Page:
It Was a Beautiful Dream

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The difficult Indian problem cannot be solved permanently at this end of the line. It requires the fulfillment of Congress of the treaty obligations that the Indians were entreated and coerced into signing. They signed away a valuable portion of their reservation, and it is now occupied by white people, for which they have received nothing.

– telegram from General Nelson Miles, Commander of the Military Division of the Missouri in Rapid City, South Dakota to General John Schofield. Commanding General of the United States Army, in Washington, D.C., December 19, 1890.

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On the morning of December 29, 1890, near Wounded Knee Creek on the Lakota Pine Ridge Indian Reservation, the U.S. 7th Cavalry Regiment surrounded and entered an encampment of the Lakota. In an attempt to disarm them, a scuffle broke out and indiscriminate gunfire erupted, resulting in least 90 warriors and approximately 200 women and children of the Lakota being killed and 51 wounded. Thirty-one soldiers of the 7th Cavalry also died, and 39 were wounded.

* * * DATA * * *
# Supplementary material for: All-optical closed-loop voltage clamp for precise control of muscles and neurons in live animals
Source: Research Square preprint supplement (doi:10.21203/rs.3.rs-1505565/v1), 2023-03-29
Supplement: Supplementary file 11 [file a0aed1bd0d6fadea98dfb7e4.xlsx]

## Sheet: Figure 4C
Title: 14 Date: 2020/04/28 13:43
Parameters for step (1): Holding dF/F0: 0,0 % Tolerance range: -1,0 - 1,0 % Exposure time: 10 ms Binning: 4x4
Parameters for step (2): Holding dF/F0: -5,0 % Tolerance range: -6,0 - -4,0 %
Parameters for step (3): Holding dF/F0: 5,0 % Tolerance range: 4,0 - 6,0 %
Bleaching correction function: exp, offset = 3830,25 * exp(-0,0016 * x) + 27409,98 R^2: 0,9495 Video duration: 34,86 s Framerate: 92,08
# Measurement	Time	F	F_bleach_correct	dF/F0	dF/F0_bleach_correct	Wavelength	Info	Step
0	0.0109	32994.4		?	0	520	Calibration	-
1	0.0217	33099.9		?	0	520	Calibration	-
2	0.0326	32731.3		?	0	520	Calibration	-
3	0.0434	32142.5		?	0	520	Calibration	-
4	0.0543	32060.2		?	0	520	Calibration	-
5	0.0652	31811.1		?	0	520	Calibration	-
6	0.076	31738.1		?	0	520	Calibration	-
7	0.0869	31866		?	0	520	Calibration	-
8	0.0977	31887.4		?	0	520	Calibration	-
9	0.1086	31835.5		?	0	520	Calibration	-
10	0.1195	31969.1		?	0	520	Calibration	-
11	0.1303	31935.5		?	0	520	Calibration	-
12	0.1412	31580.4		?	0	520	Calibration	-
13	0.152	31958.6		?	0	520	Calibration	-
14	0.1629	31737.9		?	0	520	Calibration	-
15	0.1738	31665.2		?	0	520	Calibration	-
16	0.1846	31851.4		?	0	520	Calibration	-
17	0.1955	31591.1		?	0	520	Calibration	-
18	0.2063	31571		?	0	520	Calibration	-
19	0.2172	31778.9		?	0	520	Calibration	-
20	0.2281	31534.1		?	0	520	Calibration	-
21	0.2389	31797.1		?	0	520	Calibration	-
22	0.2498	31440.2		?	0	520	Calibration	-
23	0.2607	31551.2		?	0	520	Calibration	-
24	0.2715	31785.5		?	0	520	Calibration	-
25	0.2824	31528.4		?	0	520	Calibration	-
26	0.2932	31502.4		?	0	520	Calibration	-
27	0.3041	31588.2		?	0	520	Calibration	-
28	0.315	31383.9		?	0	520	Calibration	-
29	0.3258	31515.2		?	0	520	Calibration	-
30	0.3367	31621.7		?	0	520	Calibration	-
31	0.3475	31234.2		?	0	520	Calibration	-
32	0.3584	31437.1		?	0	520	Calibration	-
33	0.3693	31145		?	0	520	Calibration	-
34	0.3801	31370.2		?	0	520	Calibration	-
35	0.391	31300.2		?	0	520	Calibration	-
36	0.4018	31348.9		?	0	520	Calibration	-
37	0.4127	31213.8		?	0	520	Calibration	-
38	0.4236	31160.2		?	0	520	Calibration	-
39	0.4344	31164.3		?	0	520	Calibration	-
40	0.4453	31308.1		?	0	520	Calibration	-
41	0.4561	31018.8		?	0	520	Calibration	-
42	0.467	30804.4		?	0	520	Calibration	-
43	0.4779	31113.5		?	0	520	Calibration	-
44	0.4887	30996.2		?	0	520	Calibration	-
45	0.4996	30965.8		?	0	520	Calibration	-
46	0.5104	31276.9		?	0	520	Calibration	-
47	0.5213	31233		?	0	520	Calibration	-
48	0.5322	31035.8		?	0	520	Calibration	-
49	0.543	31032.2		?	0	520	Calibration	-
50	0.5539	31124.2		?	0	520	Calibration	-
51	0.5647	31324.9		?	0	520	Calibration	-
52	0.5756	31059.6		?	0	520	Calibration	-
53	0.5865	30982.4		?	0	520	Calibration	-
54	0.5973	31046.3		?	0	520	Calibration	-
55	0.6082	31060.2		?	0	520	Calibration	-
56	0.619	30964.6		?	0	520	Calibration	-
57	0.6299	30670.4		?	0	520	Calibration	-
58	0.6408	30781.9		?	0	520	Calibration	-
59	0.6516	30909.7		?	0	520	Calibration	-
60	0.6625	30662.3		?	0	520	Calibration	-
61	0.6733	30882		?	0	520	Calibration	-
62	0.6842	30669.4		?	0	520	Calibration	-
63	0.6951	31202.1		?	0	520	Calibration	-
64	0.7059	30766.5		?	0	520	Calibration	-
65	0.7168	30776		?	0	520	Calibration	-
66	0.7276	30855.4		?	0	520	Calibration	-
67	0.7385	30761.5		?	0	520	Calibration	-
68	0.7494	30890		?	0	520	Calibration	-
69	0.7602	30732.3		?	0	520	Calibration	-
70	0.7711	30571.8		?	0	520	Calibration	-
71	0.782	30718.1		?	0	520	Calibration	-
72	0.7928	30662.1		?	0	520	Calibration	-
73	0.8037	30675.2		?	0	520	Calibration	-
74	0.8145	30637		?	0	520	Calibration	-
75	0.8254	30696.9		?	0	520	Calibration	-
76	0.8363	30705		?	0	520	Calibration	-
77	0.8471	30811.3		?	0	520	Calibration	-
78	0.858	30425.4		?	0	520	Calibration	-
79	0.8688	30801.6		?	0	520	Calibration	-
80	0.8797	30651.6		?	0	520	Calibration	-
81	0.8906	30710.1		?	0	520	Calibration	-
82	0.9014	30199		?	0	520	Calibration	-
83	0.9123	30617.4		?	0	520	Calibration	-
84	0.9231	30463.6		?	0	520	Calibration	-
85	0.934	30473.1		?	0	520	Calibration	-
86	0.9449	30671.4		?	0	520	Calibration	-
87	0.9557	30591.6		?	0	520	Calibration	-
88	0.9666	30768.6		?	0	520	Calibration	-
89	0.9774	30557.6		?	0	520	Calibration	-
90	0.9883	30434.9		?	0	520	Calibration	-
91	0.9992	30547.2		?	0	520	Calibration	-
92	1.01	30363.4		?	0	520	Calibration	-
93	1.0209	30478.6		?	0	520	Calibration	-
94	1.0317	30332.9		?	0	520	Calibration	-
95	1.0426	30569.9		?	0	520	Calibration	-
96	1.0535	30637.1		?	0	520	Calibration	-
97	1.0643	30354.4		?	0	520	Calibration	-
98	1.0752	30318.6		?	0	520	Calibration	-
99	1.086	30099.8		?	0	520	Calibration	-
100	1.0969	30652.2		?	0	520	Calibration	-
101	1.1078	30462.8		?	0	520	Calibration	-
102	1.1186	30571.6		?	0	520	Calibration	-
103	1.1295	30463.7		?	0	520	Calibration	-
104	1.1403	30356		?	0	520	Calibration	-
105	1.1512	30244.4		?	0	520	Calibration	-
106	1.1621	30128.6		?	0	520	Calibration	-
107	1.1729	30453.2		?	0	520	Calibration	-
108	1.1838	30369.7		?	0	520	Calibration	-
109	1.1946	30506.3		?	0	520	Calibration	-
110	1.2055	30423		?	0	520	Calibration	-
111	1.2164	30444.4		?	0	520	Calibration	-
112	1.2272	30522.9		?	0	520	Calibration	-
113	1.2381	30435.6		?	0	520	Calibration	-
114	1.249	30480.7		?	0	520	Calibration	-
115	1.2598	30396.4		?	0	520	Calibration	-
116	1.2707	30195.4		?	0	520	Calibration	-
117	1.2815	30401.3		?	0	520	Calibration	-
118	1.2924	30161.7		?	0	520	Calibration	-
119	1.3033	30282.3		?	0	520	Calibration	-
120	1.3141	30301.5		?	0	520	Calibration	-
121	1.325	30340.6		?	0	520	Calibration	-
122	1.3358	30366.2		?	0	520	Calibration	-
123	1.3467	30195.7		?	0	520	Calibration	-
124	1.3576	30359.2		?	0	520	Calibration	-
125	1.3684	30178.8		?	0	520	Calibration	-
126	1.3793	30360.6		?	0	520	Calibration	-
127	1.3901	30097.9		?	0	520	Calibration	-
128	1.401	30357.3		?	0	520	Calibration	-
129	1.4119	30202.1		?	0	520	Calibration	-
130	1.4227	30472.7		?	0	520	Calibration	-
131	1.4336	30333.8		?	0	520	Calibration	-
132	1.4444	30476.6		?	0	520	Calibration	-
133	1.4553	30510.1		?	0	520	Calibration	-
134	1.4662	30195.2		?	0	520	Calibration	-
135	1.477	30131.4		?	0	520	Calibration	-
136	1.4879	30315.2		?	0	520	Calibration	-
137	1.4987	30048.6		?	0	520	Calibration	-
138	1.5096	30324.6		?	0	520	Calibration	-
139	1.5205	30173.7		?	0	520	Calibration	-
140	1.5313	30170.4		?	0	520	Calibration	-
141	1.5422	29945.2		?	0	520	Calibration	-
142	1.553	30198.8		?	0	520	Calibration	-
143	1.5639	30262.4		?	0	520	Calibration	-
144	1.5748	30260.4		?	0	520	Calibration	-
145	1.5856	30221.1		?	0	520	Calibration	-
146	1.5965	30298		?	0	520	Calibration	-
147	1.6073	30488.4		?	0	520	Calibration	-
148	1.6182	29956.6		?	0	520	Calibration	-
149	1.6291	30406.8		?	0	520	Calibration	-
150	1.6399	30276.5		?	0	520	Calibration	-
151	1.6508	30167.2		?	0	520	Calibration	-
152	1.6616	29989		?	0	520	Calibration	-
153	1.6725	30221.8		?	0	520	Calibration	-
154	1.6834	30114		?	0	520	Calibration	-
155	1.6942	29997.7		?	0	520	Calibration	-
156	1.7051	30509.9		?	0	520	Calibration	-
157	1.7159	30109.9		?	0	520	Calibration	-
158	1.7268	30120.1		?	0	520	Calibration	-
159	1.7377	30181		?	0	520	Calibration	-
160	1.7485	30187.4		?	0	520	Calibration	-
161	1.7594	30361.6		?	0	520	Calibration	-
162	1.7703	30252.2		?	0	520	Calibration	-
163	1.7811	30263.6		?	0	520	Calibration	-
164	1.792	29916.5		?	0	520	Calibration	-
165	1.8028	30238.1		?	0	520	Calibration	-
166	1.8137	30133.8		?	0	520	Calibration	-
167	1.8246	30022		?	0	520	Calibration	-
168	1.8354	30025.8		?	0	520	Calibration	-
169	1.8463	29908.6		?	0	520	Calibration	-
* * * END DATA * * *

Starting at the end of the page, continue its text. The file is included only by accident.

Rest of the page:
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I can still see the butchered women and children lying heaped and scattered all along the crooked gulch as plain as when I saw them with eyes still young. And I can see that something else died there in the bloody mud, and was buried in the blizzard. A people’s dream died there. It was a beautiful dream.

– Heȟáka Sápa (Black Elk), Oglala Sioux leader, 1932, from his oral testimony of the Wounded Knee Massacre on December 29, 1890.

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It Was a Beautiful Dream

20 x 14 inches | covered with Shizen screen printed paper from India

4 archival inkjet pigment prints on Ilford Gold Fiber Silk | 19 x 13 inches and verso

edition of 3

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